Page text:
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Gastroenterology. 2005 Apr;128(4 Suppl 1):S104-8.

Should adults be screened for celiac disease? What are the benefits and harms of screening?

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  • 1Department of Gastroenterology and Alimentary Tract Surgery, Tampere University Hospital and Medical School, University of Tampere, Tampere, Finland.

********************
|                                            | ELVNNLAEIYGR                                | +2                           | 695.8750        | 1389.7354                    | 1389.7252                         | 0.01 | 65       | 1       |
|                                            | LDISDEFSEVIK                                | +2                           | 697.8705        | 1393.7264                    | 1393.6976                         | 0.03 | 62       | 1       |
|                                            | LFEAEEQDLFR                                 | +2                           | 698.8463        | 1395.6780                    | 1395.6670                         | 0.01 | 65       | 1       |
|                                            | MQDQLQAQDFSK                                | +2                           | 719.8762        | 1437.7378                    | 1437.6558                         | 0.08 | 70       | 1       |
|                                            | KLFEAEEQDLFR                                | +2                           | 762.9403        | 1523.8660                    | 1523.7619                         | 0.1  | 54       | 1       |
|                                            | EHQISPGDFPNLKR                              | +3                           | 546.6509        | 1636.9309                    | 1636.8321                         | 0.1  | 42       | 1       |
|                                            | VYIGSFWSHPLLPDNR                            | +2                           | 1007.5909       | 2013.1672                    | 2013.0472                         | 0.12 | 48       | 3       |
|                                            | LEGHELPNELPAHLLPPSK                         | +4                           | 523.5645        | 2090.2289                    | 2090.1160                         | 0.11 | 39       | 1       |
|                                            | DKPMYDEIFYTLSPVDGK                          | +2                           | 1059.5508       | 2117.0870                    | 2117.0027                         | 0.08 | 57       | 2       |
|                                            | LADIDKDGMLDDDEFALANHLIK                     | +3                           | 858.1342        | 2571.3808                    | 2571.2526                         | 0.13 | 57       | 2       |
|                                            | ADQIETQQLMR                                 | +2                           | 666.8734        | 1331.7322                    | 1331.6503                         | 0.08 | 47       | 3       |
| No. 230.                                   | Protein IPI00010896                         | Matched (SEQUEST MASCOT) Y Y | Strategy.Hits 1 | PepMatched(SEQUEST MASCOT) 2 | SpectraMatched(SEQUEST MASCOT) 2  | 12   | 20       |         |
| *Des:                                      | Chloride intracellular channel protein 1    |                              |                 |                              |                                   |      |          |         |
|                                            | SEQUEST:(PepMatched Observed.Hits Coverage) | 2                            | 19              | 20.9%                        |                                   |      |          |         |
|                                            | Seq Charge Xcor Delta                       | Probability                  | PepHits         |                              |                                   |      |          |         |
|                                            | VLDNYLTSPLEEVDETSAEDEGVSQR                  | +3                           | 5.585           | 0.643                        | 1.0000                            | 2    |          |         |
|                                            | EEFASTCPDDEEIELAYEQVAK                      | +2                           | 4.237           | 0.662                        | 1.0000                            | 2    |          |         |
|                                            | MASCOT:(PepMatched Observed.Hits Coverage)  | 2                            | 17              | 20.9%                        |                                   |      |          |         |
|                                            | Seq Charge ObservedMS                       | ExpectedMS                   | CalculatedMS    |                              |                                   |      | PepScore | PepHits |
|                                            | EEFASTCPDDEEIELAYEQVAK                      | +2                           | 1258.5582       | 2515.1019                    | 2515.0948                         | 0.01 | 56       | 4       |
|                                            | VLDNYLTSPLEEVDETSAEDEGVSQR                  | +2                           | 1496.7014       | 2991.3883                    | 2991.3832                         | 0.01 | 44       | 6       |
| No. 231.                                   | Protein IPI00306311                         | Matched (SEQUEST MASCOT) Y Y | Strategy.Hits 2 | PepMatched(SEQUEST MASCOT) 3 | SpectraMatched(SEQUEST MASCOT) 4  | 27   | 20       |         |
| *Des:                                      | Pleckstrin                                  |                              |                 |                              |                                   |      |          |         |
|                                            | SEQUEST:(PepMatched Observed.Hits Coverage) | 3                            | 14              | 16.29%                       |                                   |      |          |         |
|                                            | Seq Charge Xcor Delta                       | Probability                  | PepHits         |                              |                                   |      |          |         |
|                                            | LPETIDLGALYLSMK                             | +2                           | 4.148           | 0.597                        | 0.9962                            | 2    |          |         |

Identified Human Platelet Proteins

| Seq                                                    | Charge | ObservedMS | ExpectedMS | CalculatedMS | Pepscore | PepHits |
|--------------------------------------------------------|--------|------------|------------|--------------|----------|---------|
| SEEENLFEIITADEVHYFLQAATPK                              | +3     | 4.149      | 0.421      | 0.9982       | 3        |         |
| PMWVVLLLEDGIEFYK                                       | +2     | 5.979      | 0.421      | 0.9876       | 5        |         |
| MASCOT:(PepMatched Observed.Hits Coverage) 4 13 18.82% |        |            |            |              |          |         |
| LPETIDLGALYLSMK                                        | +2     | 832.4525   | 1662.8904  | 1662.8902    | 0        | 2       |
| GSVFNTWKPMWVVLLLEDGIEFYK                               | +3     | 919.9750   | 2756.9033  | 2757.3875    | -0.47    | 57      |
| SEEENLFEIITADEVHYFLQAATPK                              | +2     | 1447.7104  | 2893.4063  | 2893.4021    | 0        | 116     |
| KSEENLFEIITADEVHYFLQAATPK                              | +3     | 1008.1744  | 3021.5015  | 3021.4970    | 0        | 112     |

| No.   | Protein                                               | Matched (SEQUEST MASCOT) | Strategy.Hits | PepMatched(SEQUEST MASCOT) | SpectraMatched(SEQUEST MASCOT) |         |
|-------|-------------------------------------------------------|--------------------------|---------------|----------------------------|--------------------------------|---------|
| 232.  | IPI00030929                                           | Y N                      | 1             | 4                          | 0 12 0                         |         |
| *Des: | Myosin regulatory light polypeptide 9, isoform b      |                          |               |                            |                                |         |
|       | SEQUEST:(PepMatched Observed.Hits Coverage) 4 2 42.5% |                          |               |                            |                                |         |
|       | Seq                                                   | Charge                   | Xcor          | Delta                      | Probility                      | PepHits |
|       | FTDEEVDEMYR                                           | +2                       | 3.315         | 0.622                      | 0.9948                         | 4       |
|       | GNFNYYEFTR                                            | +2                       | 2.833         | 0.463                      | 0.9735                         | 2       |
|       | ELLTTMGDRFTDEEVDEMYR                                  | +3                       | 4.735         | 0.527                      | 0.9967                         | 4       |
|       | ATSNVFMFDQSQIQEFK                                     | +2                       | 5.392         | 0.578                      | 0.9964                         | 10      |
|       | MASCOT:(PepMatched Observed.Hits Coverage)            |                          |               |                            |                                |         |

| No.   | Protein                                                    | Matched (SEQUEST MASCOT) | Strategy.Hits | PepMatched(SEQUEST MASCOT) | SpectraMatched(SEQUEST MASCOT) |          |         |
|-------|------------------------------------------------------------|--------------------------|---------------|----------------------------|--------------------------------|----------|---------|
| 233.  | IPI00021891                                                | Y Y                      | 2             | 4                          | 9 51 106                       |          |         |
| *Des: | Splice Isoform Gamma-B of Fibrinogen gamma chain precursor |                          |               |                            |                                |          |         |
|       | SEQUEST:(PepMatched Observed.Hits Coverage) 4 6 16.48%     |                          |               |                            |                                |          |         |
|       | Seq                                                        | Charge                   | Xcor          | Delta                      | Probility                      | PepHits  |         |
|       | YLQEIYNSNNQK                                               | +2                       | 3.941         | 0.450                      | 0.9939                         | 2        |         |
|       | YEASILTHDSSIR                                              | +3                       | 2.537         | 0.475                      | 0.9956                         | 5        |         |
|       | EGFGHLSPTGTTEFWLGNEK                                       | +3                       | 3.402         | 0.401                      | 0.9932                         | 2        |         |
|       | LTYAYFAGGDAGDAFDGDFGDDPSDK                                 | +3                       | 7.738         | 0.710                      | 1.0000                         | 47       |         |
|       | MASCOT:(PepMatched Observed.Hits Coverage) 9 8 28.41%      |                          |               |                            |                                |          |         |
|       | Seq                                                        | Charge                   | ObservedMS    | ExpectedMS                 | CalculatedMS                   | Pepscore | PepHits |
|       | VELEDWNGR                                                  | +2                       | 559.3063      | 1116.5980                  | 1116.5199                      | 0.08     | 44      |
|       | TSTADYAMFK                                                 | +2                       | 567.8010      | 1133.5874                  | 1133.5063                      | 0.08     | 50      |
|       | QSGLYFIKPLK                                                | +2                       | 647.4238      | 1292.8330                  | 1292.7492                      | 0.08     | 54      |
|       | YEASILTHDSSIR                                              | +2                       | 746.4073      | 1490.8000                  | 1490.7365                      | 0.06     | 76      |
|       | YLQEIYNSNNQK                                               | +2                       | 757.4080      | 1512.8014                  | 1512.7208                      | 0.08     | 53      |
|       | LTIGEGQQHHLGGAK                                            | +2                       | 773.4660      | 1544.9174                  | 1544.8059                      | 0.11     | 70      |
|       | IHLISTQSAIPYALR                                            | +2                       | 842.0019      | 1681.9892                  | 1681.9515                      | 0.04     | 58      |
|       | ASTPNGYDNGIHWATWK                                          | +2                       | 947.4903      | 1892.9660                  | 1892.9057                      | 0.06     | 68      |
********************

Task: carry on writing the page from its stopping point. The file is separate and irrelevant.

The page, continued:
The symptoms of celiac disease are diverse, and the disease is often asymptomatic. Without active serologic screening, most cases probably remain undiagnosed. Recent serologic screening assays allow mass screening for the disease. However, there is no evidence as yet to suggest that symptom-free celiac disease patients run an increased risk of small intestinal lymphoma or other complications. The prevention of osteoporosis seems to be the strongest indicator for widespread screening today. Screening asymptomatic individuals for celiac disease may be even harmful. A lifelong gluten-free diet is not easy to maintain, and the subject's quality of life may deteriorate. It is also debatable whether patients found by active screening adhere to a gluten-free diet similarly to symptomatic ones. The cost-effectiveness of population screening is dubious. Serologic screening should be applied in individuals with even subtle symptoms indicative of celiac disease, such as subclinical-isolated iron deficiency. In various autoimmune conditions, the risk of celiac disease is approximately 5% and, in individuals with affected first-degree relatives, 15%. Infertility, neurologic symptoms such as polyneuropathy, ataxia, epilepsy with posterior cerebral calcification, and osteoporosis are conditions in which celiac disease should be kept in mind. Elevated aminotransferases and liver failure can lead to a diagnosis of celiac disease. Evidence today does not support mass screening of celiac disease. Instead, increased alertness should be observed in patients at risk of the condition.

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